Alex Ovechkin’s 50th Goal Of 2013-14 Doesn’t Make Him One of NHL’s Best Forwards
Alex Ovechkin has had arguably the most criticized 50-goal season in NHL history this year. Normally, 50 goals is a milestone that automatically puts you into the conversation for the league MVP. That’s not exactly the case for Ovechkin.
If you look at his stat line, the fact that he has 50 goals this year isn’t the first stat that jumps out at you. Ovechkin entered Tuesday night’s game with a whopping minus-35 rating, which is the number consistently brought up when his playing style is criticized. He’s first in goals and no one is close to catching him, but he’s also dead last in plus-minus.
Those who love him will say that he’s the most skilled goal scorer in the world, and it’s the Capitals’ lack of depth and sluggish team defense that cause such horrible plus-minus figures. Those who hate him claim that he is simply a power play specialist and will never play a style of game that will lead his team to a Stanley Cup.
Fact is, both are partially correct. Ovechkin is the best goal scorer in the game, but he isn’t even in the top-10 as far as best players are concerned.
There isn’t a more natural goal scorer in the NHL than Ovechkin, and he has the highlight reel to prove it. The fact that he has more than 50 power play goals in the last three seasons combined also helps explain what kind of offensive threat he is. Opposing teams know that the power play is designed to get him the puck, yet year after year Ovechkin produces. So far this season, Ovechkin has been at his best with the man advantage, tallying 23 power play goals.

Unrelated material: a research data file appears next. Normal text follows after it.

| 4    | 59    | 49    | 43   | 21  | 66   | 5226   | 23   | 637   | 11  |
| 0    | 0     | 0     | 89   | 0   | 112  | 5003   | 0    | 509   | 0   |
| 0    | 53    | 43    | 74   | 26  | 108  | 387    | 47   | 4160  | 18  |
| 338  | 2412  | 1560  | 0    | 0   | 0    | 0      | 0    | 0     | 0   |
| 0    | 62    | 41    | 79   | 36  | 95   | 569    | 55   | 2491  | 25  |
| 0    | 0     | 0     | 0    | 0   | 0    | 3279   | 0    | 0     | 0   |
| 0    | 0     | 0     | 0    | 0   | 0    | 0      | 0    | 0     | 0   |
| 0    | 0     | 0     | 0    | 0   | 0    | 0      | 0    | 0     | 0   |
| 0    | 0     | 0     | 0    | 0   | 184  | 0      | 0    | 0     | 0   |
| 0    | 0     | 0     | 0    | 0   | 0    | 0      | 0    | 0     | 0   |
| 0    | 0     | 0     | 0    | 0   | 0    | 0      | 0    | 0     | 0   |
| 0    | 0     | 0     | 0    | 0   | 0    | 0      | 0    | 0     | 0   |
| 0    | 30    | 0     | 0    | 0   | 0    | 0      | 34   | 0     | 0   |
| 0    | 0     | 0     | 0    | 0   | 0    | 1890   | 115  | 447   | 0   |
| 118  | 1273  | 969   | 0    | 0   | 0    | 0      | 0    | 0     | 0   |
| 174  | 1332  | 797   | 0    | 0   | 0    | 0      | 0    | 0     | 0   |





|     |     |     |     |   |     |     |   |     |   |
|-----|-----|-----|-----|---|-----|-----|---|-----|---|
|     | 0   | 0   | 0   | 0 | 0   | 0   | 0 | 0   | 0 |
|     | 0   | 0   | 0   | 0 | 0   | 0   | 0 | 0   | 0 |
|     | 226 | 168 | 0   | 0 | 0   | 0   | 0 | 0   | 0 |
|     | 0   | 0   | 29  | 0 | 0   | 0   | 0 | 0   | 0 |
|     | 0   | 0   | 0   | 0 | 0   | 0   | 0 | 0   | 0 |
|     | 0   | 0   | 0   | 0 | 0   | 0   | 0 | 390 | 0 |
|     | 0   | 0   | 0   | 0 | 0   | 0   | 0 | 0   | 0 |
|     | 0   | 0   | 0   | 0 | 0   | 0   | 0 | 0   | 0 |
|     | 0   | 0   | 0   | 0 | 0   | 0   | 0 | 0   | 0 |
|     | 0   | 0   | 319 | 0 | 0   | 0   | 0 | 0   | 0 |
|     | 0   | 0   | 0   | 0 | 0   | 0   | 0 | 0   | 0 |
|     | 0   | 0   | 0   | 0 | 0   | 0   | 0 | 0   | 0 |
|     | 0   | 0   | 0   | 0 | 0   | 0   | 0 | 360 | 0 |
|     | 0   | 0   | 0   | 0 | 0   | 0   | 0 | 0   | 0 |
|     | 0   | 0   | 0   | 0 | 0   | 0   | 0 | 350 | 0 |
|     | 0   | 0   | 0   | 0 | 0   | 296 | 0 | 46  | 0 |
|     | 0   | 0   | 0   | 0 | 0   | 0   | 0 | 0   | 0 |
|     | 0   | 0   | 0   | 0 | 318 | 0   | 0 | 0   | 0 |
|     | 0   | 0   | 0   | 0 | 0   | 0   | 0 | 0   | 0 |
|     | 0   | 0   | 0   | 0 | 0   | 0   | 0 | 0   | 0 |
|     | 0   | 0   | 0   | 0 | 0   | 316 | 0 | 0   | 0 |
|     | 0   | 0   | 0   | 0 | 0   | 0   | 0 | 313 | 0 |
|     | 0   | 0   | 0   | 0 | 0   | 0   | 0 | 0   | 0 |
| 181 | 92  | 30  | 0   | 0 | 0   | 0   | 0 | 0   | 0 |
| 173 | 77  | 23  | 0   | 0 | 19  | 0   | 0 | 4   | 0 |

Then there’s the other side of Ovechkin. If hockey were only played in the offensive end, Ovechkin would likely be ranked at the top of a “best players in the NHL” list. But obviously, it’s not and Ovechkin’s consistent lackluster attitude in the defensive zone has been very well documented.
It’s difficult to compare Ovechkin, a winger, to other superstars like Sidney Crosby, Claude Giroux, Ryan Getzlaf and Tyler Seguin because they all play center and have a much higher defensive responsibility, but even with 50 goals under his belt, it’s difficult to ignore the rest of his stat line when debating the game’s best.
It shouldn’t shock anyone that Ovechkin has 50 goals this season, but don’t look too far into it. He’s a special talent, but until he figures out how to be an elite player in both zones, it’s difficult to even put him in the conversation for who should be a contender for the NHL MVP.
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